Hello and welcome to Kick Start.
I’m Alice from Christians Against Poverty
and in this session we’re going
to talk about handling your habits.
Whether we like it or not,
habits play a part in all of our lives.
Around 40% of the things we do each
and every day are out of habit.
Things like brushing your teeth, walking the dog,
or backing the car out of the driveway.
When we do activities like this regularly,
our brain organises the information into a pattern so
that we can do them without thinking,
and this saves energy.
Unfortunately, this is true for both our good
and our bad habits.
Through our work with hundreds of local churches,
like the one running this session,
CAP has seen hundreds of people break bad habits by
learning and applying this knowledge.
In this session I’m going
to explain to you exactly how habits work
and how you can apply this knowledge
to break your own bad habits and dependencies.
This pattern in our behaviour is called the habit loop,
and it’s made of three elements.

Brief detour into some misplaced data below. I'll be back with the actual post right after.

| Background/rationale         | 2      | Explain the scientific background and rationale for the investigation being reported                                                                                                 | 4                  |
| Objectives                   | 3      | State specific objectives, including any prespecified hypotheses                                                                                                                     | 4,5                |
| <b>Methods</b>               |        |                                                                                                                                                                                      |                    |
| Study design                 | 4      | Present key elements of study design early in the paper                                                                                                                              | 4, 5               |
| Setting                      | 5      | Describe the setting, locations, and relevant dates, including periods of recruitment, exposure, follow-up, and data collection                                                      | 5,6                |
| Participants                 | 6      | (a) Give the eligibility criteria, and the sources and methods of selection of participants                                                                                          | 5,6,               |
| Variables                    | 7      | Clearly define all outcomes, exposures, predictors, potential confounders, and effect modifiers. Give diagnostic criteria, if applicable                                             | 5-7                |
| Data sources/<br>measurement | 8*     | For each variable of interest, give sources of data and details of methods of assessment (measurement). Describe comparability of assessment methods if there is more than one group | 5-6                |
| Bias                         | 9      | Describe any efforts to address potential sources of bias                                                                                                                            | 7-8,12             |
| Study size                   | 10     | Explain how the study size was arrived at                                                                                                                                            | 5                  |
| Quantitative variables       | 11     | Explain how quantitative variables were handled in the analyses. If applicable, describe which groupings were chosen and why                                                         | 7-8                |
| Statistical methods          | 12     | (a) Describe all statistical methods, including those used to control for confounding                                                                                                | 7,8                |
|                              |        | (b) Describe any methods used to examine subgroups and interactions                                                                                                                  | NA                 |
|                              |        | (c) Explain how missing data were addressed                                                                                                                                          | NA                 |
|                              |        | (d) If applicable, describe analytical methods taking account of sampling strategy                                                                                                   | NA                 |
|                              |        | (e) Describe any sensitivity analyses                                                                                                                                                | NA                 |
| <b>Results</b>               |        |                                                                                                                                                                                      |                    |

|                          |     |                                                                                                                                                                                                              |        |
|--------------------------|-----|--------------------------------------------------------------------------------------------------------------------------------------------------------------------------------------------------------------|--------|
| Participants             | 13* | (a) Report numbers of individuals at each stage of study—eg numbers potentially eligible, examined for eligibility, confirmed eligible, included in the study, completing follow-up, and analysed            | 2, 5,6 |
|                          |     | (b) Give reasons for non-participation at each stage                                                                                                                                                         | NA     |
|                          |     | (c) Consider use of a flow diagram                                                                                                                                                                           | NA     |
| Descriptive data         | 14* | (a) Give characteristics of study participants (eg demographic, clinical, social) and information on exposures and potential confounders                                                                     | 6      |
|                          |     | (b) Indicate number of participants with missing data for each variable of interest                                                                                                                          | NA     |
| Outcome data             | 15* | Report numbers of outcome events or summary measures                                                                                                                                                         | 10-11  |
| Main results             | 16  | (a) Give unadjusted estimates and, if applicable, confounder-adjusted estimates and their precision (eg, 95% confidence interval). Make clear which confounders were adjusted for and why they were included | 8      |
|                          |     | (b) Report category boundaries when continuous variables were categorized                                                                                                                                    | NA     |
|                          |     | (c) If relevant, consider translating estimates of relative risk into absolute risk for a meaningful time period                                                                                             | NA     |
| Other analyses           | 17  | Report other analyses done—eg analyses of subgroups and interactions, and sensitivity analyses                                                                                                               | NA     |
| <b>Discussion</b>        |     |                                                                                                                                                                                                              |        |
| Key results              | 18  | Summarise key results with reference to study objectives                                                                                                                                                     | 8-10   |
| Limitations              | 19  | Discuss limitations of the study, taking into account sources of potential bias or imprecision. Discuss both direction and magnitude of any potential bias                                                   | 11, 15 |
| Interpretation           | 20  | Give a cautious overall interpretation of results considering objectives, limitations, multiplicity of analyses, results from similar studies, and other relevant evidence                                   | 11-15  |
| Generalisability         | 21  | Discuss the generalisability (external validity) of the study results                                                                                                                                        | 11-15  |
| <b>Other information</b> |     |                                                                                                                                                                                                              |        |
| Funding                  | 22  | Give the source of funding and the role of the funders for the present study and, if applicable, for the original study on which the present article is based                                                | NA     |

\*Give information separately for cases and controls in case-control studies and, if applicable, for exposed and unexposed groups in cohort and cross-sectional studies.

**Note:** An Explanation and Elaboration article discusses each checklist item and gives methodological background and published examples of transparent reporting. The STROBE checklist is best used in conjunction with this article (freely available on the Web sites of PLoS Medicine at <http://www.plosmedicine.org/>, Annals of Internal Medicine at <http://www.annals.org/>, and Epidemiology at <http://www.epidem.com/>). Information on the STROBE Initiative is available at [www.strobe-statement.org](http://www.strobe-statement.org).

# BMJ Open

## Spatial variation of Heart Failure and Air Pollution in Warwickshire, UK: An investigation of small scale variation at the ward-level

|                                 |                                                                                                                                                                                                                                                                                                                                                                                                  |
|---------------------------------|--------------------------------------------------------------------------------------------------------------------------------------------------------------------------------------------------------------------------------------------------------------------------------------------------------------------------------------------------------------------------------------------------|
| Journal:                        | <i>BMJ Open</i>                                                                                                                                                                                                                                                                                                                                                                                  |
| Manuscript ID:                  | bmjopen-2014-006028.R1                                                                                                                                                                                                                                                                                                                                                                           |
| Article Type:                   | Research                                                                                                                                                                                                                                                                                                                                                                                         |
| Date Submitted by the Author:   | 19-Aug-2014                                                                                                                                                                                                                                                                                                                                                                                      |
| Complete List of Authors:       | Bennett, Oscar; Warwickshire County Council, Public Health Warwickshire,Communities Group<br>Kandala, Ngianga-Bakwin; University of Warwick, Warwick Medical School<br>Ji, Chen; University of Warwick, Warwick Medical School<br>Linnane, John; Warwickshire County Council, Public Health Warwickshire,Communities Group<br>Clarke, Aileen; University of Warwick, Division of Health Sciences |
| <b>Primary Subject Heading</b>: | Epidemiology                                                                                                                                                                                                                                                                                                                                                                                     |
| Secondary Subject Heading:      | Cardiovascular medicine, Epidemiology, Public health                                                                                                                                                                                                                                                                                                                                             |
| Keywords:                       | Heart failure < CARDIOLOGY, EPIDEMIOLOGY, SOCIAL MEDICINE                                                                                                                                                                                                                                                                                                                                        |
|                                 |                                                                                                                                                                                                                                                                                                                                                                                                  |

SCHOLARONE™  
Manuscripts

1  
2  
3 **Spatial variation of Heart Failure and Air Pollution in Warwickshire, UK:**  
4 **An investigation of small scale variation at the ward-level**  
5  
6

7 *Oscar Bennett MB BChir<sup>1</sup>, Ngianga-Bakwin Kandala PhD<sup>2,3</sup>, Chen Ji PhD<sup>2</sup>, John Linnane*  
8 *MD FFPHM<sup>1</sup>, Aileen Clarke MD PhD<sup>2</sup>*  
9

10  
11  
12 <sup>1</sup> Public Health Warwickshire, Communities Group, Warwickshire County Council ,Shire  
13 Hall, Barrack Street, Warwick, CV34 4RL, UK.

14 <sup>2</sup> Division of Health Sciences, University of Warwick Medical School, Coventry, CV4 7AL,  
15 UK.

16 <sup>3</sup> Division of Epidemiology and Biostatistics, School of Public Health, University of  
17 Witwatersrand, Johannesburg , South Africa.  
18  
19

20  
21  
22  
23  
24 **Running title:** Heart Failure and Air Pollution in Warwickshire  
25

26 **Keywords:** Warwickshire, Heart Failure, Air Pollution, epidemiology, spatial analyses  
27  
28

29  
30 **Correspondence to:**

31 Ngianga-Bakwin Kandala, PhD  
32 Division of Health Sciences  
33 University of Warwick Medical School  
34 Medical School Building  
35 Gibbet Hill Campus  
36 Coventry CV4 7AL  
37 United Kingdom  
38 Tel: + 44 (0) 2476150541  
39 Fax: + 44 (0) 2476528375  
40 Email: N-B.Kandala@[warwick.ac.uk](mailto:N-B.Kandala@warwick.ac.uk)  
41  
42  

The trigger — what causes the behaviour.
The routine — the behaviour you do routinely in response
to the trigger.
The reward — what satisfies the trigger.
For example, consider how you would train a dog to sit.
The trigger would be when you say sit,
the routine is the dog sitting,
and his reward is the treat.
If we repeat this pattern a number of times,
the dog will learn that when he hears the trigger,
the word sit, he’ll perform the routine by sitting
and he will get that treat.
Now let’s look at this in human terms.
Take a guy called Joe,
he always gets bored at work around 3pm.
He finds himself getting up from this desk,
walking down the corridor to the vending machine
and buying a chocolate bar.
Joe’s trigger, what causes the behaviour,
is that he’s bored.
By 3pm Joe’s bored and he feels like
he needs a break.
His routine, the behaviour he does in response
to the trigger, is that he gets up from his desk,
walks to the vending machine, and buys a chocolate bar.
The reward, the satisfaction of the trigger, is overcoming
that feeling of boredom by eating the chocolate bar.
In all habits there’s a clear trigger,
a repetitive routine, and a reward,
which is the result of that behaviour.
The good news is that you can change
your habits by identifying the triggers
and then changing your behaviour in response
to the trigger.
Take some time now
and have a go at applying the habit loop
to behaviours that you would like to change.
See if you can identify the three elements
of the pattern.
Now you’ve identified your own habit loops,